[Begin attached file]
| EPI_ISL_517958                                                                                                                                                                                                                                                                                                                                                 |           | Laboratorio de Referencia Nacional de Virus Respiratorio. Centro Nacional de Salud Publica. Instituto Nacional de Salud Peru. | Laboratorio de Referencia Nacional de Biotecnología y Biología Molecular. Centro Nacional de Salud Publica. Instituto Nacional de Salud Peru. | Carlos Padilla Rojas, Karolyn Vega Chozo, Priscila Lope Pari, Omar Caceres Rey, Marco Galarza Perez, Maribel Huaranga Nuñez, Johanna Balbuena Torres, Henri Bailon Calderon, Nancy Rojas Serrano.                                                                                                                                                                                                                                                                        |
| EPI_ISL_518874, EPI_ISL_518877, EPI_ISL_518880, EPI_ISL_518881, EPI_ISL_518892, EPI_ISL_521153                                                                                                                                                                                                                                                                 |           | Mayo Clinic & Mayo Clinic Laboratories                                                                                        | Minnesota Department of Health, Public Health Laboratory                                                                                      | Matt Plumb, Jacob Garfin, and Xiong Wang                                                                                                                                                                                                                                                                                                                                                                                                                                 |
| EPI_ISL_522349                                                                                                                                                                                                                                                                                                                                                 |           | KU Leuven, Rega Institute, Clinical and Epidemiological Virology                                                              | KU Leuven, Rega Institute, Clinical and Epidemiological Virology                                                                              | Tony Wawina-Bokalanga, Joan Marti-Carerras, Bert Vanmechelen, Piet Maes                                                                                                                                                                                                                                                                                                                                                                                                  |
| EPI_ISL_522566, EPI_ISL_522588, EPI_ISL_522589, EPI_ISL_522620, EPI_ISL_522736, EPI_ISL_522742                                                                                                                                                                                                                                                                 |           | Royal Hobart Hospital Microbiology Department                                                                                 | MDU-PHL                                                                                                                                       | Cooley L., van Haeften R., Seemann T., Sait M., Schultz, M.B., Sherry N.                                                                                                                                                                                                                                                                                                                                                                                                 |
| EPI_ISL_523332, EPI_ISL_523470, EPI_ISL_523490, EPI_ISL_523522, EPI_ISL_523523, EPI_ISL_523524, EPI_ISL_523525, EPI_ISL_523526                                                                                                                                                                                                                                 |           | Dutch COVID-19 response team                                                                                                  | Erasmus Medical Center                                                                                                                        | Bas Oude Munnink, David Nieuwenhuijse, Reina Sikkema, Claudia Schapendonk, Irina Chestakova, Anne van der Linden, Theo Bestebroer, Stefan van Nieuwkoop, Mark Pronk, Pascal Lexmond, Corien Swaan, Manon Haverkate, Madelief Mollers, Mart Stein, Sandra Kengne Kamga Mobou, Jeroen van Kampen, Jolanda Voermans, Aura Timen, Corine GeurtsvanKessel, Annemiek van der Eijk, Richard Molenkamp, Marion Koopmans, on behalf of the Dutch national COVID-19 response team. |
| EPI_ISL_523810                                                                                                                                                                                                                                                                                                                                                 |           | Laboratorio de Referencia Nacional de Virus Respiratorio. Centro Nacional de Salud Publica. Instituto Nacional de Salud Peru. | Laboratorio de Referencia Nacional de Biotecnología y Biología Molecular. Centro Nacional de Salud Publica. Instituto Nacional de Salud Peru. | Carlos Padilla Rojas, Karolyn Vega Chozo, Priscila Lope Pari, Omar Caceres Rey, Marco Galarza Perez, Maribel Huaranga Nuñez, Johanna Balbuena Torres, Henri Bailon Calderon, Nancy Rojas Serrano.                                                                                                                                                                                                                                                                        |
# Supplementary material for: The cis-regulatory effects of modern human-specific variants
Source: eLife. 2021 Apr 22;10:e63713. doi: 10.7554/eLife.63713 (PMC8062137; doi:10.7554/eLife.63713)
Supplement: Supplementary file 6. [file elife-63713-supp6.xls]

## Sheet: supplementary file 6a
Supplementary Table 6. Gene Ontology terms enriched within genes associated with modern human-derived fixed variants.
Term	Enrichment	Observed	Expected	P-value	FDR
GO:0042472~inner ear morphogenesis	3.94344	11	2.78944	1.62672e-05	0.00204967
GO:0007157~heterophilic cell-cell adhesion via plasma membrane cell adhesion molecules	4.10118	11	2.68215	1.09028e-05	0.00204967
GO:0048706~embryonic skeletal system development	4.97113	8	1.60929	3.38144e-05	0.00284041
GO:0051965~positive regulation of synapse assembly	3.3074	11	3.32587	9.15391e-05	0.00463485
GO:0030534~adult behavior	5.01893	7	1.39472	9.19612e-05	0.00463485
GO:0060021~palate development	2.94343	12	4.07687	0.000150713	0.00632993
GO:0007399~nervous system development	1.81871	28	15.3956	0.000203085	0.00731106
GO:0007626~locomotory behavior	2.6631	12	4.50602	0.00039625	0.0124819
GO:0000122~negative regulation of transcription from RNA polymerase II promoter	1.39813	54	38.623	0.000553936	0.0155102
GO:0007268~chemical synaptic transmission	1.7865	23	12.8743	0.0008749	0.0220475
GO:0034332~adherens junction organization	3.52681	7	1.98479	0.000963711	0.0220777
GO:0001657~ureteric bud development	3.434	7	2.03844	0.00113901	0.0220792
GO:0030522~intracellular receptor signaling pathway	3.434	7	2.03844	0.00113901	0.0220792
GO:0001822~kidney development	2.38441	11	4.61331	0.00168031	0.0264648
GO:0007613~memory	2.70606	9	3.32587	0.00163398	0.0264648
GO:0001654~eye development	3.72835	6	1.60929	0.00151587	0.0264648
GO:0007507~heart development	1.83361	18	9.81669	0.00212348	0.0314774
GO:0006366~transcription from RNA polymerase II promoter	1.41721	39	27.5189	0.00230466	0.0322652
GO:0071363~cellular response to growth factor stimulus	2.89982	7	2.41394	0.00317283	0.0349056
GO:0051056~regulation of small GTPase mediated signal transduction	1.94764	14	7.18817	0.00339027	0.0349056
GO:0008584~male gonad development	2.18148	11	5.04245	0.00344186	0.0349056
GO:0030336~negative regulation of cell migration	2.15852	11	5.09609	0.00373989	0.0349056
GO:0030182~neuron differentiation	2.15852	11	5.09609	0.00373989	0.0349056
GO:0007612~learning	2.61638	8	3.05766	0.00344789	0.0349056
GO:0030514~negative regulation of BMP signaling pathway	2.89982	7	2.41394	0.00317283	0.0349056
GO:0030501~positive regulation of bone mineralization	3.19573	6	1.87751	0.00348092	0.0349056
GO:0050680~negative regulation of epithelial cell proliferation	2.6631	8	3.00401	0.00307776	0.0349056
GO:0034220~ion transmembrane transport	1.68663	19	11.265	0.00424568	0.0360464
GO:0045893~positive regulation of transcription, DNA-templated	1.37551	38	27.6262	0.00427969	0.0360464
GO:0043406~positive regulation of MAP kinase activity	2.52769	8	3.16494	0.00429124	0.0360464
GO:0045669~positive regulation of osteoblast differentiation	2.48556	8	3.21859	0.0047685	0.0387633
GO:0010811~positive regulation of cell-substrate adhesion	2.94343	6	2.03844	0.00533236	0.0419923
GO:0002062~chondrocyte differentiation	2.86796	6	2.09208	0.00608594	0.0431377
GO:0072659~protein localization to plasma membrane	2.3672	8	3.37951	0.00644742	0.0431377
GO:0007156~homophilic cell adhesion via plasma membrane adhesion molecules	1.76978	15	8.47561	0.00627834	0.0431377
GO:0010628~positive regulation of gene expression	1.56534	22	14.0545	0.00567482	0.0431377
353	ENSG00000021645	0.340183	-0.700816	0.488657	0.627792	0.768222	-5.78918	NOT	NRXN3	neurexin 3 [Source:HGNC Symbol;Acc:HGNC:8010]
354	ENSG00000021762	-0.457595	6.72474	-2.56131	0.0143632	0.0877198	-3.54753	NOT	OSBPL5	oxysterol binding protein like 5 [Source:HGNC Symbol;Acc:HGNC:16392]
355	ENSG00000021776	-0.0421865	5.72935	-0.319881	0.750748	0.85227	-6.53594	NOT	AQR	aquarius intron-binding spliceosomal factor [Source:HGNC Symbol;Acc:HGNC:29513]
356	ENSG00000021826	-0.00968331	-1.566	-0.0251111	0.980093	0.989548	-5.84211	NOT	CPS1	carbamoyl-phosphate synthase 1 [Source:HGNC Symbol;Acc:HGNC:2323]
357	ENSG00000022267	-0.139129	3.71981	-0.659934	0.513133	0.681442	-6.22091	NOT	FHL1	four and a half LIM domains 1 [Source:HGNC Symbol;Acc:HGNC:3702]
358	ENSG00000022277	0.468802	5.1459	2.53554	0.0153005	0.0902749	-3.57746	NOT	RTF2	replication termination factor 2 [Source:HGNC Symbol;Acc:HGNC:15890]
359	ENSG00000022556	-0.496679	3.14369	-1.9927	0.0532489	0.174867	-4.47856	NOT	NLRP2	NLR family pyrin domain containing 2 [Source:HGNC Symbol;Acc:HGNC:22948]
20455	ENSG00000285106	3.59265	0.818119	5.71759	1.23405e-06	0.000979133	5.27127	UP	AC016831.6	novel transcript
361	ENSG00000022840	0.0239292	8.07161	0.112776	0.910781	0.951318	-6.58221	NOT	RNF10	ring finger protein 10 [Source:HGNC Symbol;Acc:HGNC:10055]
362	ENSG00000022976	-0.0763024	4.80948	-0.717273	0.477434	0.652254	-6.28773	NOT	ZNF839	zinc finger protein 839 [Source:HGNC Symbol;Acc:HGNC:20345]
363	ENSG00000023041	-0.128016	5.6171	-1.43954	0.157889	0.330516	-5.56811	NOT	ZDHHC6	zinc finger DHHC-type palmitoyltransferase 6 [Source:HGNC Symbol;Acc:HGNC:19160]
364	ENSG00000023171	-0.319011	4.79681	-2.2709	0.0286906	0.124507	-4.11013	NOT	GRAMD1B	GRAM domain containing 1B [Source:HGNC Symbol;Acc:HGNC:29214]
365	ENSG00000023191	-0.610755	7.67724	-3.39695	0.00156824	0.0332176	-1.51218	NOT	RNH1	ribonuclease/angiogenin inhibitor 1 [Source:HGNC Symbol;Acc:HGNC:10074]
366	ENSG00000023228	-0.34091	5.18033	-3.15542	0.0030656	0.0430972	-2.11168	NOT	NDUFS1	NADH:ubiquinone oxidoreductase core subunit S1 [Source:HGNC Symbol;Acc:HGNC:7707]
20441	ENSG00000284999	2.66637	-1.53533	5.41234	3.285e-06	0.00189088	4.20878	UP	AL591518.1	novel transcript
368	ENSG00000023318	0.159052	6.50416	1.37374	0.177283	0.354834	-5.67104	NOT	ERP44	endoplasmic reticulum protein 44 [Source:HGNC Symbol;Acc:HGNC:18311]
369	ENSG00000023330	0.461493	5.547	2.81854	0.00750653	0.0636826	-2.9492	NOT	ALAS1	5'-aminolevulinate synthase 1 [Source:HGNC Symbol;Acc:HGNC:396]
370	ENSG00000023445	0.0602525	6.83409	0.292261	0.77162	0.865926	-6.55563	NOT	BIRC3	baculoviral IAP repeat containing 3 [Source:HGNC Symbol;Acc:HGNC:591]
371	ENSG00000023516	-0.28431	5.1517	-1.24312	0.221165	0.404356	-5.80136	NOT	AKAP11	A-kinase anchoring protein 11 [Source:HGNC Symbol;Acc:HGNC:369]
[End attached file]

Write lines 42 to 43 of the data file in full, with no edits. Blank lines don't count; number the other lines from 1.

GO:0043406~positive regulation of MAP kinase activity	2.52769	8	3.16494	0.00429124	0.0360464
GO:0045669~positive regulation of osteoblast differentiation	2.48556	8	3.21859	0.0047685	0.0387633